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Lidl stokes looming grocery price war with claim to be ‘the destination for the lowest prices’

·2-min read
A Lidl sign outside one of its stores  (PA Wire)
A Lidl sign outside one of its stores (PA Wire)

Lidl has fuelled what looks to be a looming price war in the grocery market after its CEO pledged to keep prices low as inflation squeezes household budgets.

Christian Härtnagel, Lidl GB CEO, said in a statement: “As inflation continues to rise, I want to reassure each and every one of our customers that we remain resolute in our promise of being the destination for the lowest grocery prices in the market.”

The comments comes a day after rival Aldi made a similar pledge. UK CEO Gile Hurley said his business “will always offer the lowest prices for groceries, no matter what.”

German discounters are touting their bargain basement prices as inflation soars. Prices are rising at over 5% across the economy and running at around 3.5% in the supermarket sector. Think tank the Resolution Foundation has said 2022 will be the “year of the squeeze” as households face a £1,200 jump in annual costs from April.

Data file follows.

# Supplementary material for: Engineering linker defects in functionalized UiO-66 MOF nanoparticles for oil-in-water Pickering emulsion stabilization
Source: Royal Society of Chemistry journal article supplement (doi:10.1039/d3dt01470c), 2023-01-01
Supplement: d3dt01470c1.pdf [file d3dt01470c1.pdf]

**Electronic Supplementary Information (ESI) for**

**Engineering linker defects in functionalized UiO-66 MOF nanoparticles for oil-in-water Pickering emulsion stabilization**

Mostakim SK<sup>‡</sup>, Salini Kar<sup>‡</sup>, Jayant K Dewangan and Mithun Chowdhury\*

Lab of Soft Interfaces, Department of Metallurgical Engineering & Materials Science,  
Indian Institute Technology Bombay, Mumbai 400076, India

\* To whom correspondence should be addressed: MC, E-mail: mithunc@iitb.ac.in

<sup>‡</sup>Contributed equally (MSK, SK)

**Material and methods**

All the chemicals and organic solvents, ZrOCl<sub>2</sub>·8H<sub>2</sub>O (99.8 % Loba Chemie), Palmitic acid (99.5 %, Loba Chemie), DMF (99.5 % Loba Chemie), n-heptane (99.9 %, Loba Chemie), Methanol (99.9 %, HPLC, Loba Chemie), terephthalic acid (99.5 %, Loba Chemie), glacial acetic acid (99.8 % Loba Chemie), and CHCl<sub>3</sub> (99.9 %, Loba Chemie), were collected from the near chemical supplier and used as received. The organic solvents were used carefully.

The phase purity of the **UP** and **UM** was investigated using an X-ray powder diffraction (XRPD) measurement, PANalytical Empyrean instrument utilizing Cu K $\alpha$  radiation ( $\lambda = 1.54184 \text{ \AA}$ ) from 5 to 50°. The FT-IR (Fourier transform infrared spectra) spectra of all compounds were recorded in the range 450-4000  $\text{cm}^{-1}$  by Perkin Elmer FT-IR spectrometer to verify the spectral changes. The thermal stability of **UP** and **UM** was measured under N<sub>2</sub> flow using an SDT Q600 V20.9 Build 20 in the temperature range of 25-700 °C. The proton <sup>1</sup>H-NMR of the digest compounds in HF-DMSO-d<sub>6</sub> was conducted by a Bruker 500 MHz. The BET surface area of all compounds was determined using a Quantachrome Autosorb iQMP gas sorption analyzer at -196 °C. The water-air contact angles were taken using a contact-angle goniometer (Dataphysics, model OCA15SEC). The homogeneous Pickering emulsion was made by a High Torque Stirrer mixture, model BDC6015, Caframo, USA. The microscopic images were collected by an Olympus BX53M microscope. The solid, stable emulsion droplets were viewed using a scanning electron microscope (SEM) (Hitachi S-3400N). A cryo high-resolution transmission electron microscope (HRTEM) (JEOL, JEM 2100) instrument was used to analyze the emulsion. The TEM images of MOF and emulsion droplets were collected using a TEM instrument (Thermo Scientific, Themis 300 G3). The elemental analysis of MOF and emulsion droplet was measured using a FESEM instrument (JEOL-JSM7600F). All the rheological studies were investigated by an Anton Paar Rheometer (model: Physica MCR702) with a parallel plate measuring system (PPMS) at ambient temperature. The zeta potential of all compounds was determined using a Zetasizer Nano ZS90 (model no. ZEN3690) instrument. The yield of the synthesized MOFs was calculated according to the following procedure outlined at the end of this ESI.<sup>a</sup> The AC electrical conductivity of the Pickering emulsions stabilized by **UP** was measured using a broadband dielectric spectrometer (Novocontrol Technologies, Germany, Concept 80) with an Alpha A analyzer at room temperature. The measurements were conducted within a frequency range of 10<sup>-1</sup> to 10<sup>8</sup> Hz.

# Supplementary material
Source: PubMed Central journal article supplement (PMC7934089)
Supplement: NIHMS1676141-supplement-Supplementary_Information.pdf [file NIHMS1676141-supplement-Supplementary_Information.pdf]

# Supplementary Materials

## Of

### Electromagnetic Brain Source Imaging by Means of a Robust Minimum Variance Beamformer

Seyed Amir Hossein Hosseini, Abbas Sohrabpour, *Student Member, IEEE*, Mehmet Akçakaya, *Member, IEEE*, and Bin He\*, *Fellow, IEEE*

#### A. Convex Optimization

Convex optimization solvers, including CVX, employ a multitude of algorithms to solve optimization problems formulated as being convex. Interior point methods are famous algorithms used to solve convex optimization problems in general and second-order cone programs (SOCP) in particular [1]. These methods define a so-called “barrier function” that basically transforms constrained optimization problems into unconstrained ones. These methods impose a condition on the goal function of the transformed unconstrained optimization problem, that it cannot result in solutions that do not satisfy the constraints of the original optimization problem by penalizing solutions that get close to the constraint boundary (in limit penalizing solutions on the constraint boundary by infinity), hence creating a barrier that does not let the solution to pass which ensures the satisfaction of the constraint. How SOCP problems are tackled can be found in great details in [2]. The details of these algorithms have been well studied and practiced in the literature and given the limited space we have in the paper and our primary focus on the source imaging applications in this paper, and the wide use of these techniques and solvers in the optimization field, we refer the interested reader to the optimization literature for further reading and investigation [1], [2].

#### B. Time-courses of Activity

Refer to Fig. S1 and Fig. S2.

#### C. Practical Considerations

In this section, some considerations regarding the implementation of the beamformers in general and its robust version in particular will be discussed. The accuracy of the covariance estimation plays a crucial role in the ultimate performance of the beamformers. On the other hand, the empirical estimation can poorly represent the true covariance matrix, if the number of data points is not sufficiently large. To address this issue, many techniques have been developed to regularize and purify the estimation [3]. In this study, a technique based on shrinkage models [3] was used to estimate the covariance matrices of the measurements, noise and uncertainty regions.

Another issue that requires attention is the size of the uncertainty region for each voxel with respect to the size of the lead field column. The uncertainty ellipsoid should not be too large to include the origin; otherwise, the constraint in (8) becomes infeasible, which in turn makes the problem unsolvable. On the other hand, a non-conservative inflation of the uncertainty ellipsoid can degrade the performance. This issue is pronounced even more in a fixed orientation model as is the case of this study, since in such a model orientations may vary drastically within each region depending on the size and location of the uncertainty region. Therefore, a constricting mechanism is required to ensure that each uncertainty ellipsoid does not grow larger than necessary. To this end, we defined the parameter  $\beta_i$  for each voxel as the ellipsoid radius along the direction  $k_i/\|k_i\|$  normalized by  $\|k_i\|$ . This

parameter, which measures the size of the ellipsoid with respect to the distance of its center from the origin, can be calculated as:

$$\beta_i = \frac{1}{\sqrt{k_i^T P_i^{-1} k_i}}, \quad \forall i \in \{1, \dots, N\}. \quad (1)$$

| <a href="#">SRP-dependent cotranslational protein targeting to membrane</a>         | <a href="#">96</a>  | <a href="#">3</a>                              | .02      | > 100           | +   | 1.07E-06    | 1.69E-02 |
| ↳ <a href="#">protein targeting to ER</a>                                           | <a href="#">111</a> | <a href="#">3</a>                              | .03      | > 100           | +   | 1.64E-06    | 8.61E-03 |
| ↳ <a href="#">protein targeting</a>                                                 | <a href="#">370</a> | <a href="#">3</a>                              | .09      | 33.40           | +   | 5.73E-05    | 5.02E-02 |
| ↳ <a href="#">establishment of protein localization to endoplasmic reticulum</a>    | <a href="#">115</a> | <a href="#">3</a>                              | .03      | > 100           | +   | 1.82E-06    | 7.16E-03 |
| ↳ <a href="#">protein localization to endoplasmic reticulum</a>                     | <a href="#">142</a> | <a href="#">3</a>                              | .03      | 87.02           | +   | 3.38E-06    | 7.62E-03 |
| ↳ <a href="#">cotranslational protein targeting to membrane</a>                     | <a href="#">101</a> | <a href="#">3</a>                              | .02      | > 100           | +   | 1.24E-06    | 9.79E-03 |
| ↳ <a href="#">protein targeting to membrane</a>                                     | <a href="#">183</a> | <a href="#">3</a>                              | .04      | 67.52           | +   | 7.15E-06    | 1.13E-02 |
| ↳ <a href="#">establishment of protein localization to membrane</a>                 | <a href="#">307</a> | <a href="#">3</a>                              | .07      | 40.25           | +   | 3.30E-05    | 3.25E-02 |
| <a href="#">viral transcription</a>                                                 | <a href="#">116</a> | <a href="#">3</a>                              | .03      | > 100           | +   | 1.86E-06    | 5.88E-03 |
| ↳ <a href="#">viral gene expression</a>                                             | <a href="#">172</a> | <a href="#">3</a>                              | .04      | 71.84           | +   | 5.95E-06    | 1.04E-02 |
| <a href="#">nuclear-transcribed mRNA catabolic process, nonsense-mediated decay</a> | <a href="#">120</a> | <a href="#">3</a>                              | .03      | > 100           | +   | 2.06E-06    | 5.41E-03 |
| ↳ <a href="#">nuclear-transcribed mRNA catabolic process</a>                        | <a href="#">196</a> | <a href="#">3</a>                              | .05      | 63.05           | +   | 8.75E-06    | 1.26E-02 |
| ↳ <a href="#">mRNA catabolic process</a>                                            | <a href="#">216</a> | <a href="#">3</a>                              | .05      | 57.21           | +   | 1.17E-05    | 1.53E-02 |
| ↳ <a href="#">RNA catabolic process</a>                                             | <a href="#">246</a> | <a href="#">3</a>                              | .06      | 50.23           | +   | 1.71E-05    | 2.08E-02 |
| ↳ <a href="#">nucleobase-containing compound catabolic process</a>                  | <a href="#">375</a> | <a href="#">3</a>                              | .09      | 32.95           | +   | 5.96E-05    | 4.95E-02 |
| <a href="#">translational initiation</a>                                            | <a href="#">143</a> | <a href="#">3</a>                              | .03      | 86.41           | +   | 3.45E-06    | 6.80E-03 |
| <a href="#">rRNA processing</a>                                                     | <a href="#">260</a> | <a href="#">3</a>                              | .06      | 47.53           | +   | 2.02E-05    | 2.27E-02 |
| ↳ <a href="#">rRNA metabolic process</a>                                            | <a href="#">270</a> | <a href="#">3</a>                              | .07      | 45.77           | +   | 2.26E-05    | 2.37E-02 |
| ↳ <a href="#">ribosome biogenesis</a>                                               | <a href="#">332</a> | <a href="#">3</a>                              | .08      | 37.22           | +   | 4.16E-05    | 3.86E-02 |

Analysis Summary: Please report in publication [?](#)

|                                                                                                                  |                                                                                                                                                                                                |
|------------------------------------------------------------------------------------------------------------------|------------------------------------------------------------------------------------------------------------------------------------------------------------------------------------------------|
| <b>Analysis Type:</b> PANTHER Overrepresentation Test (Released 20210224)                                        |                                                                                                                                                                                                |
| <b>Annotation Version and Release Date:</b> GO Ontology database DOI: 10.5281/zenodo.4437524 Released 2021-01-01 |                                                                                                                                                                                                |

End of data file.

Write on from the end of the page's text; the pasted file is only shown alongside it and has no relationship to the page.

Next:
Lidl and Aldi’s statements put pressure on “Big Four” rivals to make similar price promises. Sainsbury’s and Tesco kick off the Christmas reporting later this week.

Härtnagel’s statement came as Lidl reported strong Christmas trading. The retailer said sales were up 2.6% on last year and up 21% on 2019 levels. Exact figures weren’t given.

“Despite ongoing challenges with the pandemic, customers continued to find ways to celebrate this Christmas,” Härtnagel said. “Our high quality, low priced festive ranges proved a hit, helping us achieve a record Christmas with footfall and sales beating the previous two years.”

Last week market research firm Kantar said Brits spent £11.7 billion in supermarket in December, which was down slightly on 2020’s bumper total. Spending surged in 2020 as Brits splurged on food and drink during a lockdown Christmas.

Lidl claimed to have won £21 million worth of business from rivals in December as shoppers switched for value. The grocer said sales of lamb were up 21% year-on-year, while Christmas pudding sales rose 23% and wine volumes were 24% ahead of last year.

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